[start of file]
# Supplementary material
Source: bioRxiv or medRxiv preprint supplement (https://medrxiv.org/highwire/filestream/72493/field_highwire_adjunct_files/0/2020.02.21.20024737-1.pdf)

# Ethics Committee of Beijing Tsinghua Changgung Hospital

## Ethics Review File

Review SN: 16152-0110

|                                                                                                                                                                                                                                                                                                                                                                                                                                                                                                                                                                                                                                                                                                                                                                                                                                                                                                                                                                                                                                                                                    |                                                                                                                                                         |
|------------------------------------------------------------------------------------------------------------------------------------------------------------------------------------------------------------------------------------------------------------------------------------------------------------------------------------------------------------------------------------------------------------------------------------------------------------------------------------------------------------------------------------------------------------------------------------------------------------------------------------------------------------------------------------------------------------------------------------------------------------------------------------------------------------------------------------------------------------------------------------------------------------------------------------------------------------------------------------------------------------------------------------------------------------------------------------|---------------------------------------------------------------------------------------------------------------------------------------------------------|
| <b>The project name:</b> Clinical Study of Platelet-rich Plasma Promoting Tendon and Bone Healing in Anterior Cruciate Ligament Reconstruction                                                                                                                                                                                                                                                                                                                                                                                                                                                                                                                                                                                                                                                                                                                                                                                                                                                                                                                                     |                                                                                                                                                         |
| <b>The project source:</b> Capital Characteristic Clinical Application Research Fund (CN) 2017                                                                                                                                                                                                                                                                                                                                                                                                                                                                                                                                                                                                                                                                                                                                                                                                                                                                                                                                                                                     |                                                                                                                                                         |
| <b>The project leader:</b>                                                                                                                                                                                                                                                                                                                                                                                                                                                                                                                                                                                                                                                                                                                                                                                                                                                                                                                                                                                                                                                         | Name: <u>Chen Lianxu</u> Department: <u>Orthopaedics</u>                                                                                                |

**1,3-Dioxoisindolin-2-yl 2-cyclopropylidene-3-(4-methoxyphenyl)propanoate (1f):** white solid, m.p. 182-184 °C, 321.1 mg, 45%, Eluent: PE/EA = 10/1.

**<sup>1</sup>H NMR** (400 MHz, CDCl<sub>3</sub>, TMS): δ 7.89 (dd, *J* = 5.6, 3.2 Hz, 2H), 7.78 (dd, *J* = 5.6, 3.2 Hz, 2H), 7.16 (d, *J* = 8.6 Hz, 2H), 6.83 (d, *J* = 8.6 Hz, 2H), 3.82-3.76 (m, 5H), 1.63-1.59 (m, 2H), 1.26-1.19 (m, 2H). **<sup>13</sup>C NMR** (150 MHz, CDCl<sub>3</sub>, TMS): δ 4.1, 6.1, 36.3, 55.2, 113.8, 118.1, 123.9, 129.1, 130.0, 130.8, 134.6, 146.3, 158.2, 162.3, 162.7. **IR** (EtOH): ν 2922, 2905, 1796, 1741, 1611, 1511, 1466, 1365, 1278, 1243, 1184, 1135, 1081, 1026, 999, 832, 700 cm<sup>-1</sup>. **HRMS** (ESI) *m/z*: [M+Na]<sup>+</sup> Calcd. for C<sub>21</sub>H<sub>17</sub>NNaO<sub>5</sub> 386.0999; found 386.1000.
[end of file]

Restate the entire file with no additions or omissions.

# Supplementary material
Source: bioRxiv or medRxiv preprint supplement (https://medrxiv.org/highwire/filestream/72493/field_highwire_adjunct_files/0/2020.02.21.20024737-1.pdf)

# Ethics Committee of Beijing Tsinghua Changgung Hospital

## Ethics Review File

Review SN: 16152-0110

|                                                                                                                                                                                                                                                                                                                                                                                                                                                                                                                                                                                                                                                                                                                                                                                                                                                                                                                                                                                                                                                                                    |                                                                                                                                                         |
|------------------------------------------------------------------------------------------------------------------------------------------------------------------------------------------------------------------------------------------------------------------------------------------------------------------------------------------------------------------------------------------------------------------------------------------------------------------------------------------------------------------------------------------------------------------------------------------------------------------------------------------------------------------------------------------------------------------------------------------------------------------------------------------------------------------------------------------------------------------------------------------------------------------------------------------------------------------------------------------------------------------------------------------------------------------------------------|---------------------------------------------------------------------------------------------------------------------------------------------------------|
| <b>The project name:</b> Clinical Study of Platelet-rich Plasma Promoting Tendon and Bone Healing in Anterior Cruciate Ligament Reconstruction                                                                                                                                                                                                                                                                                                                                                                                                                                                                                                                                                                                                                                                                                                                                                                                                                                                                                                                                     |                                                                                                                                                         |
| <b>The project source:</b> Capital Characteristic Clinical Application Research Fund (CN) 2017                                                                                                                                                                                                                                                                                                                                                                                                                                                                                                                                                                                                                                                                                                                                                                                                                                                                                                                                                                                     |                                                                                                                                                         |
| <b>The project leader:</b>                                                                                                                                                                                                                                                                                                                                                                                                                                                                                                                                                                                                                                                                                                                                                                                                                                                                                                                                                                                                                                                         | Name: <u>Chen Lianxu</u> Department: <u>Orthopaedics</u>                                                                                                |

**1,3-Dioxoisindolin-2-yl 2-cyclopropylidene-3-(4-methoxyphenyl)propanoate (1f):** white solid, m.p. 182-184 °C, 321.1 mg, 45%, Eluent: PE/EA = 10/1.

**<sup>1</sup>H NMR** (400 MHz, CDCl<sub>3</sub>, TMS): δ 7.89 (dd, *J* = 5.6, 3.2 Hz, 2H), 7.78 (dd, *J* = 5.6, 3.2 Hz, 2H), 7.16 (d, *J* = 8.6 Hz, 2H), 6.83 (d, *J* = 8.6 Hz, 2H), 3.82-3.76 (m, 5H), 1.63-1.59 (m, 2H), 1.26-1.19 (m, 2H). **<sup>13</sup>C NMR** (150 MHz, CDCl<sub>3</sub>, TMS): δ 4.1, 6.1, 36.3, 55.2, 113.8, 118.1, 123.9, 129.1, 130.0, 130.8, 134.6, 146.3, 158.2, 162.3, 162.7. **IR** (EtOH): ν 2922, 2905, 1796, 1741, 1611, 1511, 1466, 1365, 1278, 1243, 1184, 1135, 1081, 1026, 999, 832, 700 cm<sup>-1</sup>. **HRMS** (ESI) *m/z*: [M+Na]<sup>+</sup> Calcd. for C<sub>21</sub>H<sub>17</sub>NNaO<sub>5</sub> 386.0999; found 386.1000.